I feel like we put a lot more thought into it after it happened -- the same way people freestyle lyrics and something beautiful comes out. You have to look at why it makes you feel that way. When you start to analyze it, you're like, "Oh, wow!" Or what does it really mean, what does it really represent? I think it's crucial, because you need to put power behind what you're doing. So in that meaning comes the feeling about it.
Is the name a contraction or a possessive form?
It's a possessive form. The idea was that we are all Mowgli's people. And Mowgli, extending from the character, is the spirit, that innocence I was talking about. We're in service to that in the same way we're in service to society in the world. The apostrophe makes it possessive -- we are all Mowgli's. It fits our personality perfectly because it's weird and quirky. I love the fact that it causes a question. Or sometimes anger in people. Real grammar sticklers are furious about it, and I love that. It's fun. It's such an indication of our quirkiness.
Obviously, your music is not just one genre. But many comparisons have been made between your music and the '60s and '70s Laurel Canyon, psychedelic country-rock sort of thing or what came out of Haight-Ashbury in the '60s. Do you feel like your own music comes out of that -- not strictly sonically, but in spirit in some fashion?
I love that. And absolutely the spirit of it. And sonically, we definitely pull from that. Also the Beatles, Janis Joplin, Hendrix -- things of that nature. But definitely the spirit of that, which is kind of what happened when "San Francisco" occurred. We went up there, and we have kind of an obsession with that city, and part of that is rooted in the movement for consciousness-expanding and peace and love and just a better life for everyone. So embracing that spirit, and the fact that that city was a huge part of that movement, is why that song happened the way it did -- somehow tapping into that energy.
Yeah, like how the Berkeley SDS and free-speech movement was happening, and the hippies, who were not one and the same with SDS and the like, were not just Utopian; it was idealism put into practice on the best end of that.
We're trying to take it to a new level. We're sort of attempting to stand on the shoulders of those who paved the road for us. I think a lot of that movement was lost in the irresponsibility and the party. Rather than do that, we're attempting to live it in practice. We're all extremely flawed human beings; our band is no exception. But at the same time, we have to take a step forward and be kind to everybody and better ourselves as much as possible. That's the best way to start, I feel.
How do you break through to people who aren't necessarily in line with that? What do you do to break down resistance to that sort of thing?
I think it's just being ourselves and inviting everybody. If somebody chooses to look the other way or something, that's their thing. I think if you try to force somebody to be good or to acknowledge what's going around them, it's really tough. We have to arrive at this on our own. All we can do is continually encourage. It's almost like this thing where I compare it to the sun itself. It's beaming light and life at us regardless of what we're doing.
We can turn our back on it any time, and we can ignore it. It doesn't matter. It's still going to be there to provide us with energy. That's sort of the underlying philosophy here. We're just going to be good for the sake of being good, as much as we can. We're going to slip and fall along the way. But at the end of the day, we're going maintain our core integrity and let that guide us.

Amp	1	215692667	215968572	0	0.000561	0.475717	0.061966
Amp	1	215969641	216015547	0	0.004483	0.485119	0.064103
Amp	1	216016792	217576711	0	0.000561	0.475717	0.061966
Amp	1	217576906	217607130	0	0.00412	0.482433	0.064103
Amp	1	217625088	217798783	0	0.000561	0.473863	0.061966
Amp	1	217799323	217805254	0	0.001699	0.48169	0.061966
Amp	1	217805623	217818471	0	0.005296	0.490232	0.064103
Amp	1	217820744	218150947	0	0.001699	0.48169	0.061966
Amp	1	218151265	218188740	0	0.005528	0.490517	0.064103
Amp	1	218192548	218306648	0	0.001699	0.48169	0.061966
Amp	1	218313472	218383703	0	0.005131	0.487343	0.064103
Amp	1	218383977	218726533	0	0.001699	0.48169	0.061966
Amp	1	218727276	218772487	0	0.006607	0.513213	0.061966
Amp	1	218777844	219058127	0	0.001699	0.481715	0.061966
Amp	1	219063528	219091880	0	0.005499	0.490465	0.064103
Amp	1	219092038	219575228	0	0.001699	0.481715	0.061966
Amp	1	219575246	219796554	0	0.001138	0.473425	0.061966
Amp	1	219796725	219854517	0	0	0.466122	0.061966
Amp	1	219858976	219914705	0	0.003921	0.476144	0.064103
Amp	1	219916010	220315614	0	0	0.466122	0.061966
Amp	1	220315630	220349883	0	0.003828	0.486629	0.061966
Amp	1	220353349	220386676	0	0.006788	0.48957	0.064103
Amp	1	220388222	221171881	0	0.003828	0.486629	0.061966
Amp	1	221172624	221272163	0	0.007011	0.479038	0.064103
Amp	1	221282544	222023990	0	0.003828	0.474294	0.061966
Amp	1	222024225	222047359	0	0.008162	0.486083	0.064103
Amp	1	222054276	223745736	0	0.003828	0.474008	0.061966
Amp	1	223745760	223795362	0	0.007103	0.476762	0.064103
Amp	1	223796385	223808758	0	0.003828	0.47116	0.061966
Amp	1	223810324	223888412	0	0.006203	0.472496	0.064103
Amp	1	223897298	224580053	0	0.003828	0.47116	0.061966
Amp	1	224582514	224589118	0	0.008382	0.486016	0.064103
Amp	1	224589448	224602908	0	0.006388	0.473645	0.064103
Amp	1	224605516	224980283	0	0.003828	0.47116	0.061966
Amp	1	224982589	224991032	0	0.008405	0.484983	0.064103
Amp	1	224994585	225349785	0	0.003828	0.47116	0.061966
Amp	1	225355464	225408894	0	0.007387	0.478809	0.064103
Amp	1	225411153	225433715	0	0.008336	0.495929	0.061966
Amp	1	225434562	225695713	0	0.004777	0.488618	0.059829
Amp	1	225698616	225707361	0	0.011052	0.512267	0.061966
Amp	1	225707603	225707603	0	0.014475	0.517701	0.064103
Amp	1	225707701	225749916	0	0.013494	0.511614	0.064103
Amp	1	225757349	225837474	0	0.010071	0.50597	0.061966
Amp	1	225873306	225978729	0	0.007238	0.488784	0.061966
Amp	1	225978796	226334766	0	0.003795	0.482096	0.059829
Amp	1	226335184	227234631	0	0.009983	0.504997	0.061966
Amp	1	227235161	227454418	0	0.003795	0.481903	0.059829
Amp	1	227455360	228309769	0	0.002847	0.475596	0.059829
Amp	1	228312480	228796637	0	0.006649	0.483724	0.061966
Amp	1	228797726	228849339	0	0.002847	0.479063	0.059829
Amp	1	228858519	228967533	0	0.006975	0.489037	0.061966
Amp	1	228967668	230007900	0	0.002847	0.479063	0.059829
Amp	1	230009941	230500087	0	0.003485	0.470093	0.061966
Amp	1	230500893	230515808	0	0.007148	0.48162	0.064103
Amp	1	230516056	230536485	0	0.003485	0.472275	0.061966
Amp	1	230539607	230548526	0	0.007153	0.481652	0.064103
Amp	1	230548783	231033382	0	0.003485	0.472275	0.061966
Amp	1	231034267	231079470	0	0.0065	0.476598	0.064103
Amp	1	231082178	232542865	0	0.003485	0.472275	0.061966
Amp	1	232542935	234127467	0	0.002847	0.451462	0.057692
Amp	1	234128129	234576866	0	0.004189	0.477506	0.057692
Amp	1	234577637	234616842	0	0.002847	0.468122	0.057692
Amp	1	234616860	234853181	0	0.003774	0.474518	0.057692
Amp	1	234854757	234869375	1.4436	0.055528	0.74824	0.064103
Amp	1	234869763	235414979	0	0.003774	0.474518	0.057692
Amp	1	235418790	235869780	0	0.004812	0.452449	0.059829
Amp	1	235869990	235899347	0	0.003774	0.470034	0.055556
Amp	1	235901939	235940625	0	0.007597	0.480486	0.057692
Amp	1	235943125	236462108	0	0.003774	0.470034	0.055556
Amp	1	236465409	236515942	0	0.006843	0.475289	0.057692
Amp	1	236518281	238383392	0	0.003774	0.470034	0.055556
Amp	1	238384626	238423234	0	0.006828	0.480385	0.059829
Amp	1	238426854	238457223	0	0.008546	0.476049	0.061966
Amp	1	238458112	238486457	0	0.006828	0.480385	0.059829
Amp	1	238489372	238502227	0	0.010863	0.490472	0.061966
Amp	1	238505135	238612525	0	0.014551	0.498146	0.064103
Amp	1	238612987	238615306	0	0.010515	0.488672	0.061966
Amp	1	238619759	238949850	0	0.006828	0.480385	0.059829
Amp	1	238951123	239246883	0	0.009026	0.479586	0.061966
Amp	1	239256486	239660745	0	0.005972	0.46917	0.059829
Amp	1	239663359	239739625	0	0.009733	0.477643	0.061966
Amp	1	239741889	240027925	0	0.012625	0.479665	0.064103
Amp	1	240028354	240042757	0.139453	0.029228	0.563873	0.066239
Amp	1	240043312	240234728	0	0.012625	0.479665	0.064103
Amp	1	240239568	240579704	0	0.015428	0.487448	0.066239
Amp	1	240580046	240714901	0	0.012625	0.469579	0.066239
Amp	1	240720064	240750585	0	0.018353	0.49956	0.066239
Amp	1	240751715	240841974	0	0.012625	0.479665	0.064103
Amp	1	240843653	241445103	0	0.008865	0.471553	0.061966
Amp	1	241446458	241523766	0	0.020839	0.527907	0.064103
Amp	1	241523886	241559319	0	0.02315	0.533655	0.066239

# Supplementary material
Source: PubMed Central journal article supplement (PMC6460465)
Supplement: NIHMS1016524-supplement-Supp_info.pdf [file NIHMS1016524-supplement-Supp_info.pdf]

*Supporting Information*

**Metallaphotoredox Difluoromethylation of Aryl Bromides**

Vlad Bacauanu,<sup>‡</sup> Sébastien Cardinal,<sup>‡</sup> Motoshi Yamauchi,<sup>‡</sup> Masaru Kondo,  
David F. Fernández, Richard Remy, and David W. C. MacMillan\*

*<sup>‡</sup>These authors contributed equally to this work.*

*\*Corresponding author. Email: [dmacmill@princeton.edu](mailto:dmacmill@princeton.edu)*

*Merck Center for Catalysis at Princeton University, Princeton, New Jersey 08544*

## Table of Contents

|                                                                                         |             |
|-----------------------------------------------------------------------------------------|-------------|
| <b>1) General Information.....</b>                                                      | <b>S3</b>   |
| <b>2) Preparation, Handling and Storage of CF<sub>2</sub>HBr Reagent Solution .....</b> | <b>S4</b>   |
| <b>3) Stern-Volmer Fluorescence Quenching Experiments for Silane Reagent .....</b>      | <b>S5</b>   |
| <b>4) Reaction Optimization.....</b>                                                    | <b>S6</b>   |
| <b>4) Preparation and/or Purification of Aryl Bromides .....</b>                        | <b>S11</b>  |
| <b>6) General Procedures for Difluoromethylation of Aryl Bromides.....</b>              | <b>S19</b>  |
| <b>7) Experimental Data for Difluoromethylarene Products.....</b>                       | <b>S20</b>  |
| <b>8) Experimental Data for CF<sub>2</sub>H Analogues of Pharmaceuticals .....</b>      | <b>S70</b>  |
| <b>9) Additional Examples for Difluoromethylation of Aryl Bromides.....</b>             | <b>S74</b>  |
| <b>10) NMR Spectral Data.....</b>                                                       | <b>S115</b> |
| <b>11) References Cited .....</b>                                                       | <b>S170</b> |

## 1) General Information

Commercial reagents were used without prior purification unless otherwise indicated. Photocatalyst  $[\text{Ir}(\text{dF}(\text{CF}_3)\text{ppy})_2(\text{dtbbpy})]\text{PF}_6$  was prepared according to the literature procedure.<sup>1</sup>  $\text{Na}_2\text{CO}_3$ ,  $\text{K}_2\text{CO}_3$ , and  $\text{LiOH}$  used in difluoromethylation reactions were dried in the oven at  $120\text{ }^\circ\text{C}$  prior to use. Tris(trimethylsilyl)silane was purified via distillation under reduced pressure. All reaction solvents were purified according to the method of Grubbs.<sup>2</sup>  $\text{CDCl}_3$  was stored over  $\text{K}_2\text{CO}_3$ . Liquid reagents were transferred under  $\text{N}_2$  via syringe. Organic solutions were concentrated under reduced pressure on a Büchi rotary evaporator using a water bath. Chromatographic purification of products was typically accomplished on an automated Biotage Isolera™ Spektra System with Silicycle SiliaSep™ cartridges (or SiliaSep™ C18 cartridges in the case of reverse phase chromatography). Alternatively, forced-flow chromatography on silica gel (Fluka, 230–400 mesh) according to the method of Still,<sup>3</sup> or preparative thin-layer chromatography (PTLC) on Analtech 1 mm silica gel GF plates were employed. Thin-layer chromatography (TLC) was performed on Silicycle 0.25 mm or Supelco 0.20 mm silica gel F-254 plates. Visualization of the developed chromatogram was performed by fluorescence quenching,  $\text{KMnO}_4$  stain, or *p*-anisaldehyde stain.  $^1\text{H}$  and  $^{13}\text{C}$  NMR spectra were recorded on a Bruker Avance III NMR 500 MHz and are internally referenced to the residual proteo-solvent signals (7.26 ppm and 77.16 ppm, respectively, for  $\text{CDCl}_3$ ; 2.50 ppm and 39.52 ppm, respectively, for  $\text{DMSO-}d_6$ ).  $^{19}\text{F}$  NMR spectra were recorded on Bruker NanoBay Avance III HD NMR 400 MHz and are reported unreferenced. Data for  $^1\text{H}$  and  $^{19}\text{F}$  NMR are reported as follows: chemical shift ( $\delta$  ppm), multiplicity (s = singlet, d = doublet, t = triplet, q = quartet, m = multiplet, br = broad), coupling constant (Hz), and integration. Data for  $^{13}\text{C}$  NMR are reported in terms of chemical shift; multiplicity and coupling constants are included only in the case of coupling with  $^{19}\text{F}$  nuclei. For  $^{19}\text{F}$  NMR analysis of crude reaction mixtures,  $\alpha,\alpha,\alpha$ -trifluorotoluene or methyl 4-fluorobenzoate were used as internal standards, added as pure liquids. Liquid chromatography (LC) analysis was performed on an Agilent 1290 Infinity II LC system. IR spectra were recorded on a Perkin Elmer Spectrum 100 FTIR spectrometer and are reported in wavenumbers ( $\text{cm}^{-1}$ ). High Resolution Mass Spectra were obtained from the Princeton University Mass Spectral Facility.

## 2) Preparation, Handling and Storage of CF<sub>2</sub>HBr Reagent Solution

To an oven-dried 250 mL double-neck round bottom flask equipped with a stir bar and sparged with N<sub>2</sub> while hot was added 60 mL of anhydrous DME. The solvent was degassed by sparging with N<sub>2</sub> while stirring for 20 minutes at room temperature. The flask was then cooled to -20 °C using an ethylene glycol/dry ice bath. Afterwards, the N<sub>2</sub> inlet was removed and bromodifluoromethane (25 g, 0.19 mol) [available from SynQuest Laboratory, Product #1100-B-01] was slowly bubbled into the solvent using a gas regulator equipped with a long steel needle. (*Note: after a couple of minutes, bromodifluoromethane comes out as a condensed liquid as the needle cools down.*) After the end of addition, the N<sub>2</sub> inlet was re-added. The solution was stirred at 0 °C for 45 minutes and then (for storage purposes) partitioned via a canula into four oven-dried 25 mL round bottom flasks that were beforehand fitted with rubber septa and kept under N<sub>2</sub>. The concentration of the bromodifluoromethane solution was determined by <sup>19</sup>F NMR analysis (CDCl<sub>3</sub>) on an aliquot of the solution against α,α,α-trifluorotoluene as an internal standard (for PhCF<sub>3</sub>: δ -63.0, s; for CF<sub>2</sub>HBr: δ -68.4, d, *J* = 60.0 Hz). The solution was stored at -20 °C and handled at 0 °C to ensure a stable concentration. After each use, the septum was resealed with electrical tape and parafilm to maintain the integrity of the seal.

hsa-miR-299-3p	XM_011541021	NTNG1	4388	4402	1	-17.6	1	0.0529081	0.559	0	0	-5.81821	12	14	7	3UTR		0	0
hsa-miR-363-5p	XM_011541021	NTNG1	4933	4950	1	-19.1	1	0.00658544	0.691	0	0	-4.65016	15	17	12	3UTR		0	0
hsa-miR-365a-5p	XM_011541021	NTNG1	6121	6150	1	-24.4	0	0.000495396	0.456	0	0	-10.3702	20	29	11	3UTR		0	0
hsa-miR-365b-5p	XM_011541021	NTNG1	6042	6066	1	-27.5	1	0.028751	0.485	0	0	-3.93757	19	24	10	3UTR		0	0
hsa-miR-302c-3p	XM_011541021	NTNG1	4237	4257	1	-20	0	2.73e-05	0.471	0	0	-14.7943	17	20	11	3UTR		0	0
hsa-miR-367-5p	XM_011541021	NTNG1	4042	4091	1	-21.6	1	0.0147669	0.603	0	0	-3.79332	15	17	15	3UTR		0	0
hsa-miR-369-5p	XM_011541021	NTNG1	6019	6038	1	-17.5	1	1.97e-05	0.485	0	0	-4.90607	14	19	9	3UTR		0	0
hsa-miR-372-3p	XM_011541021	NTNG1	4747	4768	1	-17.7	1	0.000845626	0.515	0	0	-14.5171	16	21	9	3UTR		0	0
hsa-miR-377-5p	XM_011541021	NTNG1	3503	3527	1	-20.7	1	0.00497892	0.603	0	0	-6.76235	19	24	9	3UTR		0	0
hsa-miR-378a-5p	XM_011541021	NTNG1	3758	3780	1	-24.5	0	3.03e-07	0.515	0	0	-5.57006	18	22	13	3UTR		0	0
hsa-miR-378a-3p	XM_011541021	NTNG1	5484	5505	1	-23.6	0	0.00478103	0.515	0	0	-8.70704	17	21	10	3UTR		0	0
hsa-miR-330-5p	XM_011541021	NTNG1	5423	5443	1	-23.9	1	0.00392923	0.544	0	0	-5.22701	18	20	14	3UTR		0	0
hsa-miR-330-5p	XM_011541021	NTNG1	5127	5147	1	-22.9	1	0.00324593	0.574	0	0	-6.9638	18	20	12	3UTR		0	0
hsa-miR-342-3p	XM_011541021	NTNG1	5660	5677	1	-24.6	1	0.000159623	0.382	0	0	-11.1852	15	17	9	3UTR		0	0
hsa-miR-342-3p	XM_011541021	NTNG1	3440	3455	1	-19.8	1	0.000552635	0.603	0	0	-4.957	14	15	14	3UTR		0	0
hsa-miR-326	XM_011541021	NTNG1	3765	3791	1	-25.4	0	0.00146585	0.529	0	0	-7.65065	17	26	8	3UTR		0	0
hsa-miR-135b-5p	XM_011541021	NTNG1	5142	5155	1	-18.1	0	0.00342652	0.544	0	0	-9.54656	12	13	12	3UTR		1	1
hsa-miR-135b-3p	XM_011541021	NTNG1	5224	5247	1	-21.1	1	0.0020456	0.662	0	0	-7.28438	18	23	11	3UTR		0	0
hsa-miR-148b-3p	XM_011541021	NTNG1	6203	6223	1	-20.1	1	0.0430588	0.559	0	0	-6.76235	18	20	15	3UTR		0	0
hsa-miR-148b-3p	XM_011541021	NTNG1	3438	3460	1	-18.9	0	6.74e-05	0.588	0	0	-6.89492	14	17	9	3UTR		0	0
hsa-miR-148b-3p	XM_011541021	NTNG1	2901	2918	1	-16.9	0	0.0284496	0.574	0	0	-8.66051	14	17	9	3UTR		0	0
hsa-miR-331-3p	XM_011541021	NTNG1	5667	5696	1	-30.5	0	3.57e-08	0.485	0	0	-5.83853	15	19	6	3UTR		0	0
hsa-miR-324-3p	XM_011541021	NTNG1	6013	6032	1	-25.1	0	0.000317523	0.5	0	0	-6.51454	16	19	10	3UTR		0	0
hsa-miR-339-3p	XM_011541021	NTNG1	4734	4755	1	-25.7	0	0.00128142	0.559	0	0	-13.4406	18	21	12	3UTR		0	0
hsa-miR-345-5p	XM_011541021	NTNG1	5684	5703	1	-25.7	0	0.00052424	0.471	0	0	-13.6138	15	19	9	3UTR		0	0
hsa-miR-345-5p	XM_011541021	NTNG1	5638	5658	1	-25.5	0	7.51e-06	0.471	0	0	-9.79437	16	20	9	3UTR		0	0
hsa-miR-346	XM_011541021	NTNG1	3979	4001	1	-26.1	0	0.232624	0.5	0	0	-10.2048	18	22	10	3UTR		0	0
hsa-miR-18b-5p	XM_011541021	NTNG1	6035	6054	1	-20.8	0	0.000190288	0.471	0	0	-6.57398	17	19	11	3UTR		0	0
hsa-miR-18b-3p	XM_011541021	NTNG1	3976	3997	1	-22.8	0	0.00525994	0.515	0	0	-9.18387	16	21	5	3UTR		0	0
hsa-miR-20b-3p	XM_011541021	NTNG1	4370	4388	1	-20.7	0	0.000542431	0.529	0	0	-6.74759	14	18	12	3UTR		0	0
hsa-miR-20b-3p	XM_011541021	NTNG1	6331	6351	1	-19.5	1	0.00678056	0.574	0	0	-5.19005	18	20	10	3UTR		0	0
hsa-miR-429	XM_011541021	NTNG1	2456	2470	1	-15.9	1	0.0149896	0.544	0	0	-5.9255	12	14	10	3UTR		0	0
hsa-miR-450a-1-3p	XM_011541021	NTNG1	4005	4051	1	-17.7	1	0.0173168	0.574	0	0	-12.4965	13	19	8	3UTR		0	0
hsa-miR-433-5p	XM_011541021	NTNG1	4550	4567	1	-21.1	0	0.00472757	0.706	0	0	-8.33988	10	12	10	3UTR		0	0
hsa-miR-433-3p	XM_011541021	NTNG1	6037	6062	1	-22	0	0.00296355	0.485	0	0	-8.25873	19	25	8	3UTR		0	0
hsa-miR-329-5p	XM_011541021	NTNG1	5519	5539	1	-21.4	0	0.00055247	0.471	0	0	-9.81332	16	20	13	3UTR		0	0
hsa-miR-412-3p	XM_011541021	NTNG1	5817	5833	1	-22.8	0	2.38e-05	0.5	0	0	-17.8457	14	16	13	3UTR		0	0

Some of my lessons from my best teachers didn't kick in until years later. I'll be walking down the street and something will occur, and I'll think, "Oh, that's what Mr. Smith was talking about in eleventh grade!" Here I am, seven years later, finally understanding what the guy meant. So it's like this whole thing of constantly seeding.
We're having these good thoughts, and we're playing this music. Maybe the song will stick in someone's head, and sometime down the line, it's going to do something. It's going to provoke some thought that has a positive outcome. It's that same thing of constantly attempting to be good; good will come of that later. The positive stuff we put out, it will return and hopefully multiply exponentially. It's rippling out.
That video you did for "San Francisco" -- is it true you did it in one shot?
Yes, that is one continuous take. No editing at all, except we color-corrected, and we added the hearts and chalk writing and stuff like that. We got there the day before the shoot and walked the grounds and had the idea of what we wanted to accomplish. We got there really early the next morning and started rehearsal immediately. It's a massive cast that's in that video. The crew was massive, as well. We ran it as many times as we could, probably over eleven. Then we started doing takes.
That video is the final take of the day. We were out of time. The street was getting crowded, there was a show happening in the building upstairs, so all these people were arriving, and it was just complete madness. We said, "We gotta go one more time," and we nailed it.
What was the concept behind the video?
I think the premise was spreading love, and each time, there was kind of like a cartoony, random act of kindness. The Mowgli's are like these weird, background guardian angels. We show up and we help it along. It's like replacing the cop's pen with a daisy. He's not writing this ticket; he's giving a hug. And David running to the businessman who's about to get into the cab to show him there's a pregnant woman who needs the cab.
It really harkens to the "Be a Mowgli" campaign. Like these little things we take, these first steps, and really make an emphasis on being good to one another. We can actually start to cause something serious to happen. We can raise the resonant frequency of kindness and pleasure. Like that whole theory that energy builds more energy. The more everyone is participating in it, theoretically the better things can get.
A lot like Gandhi's principle of "Become the change you want to see in the world."
Precisely. It's like manifestation, but you don't have to have the willingness to participate. Who knows what's going to happen, but it can't hurt to try.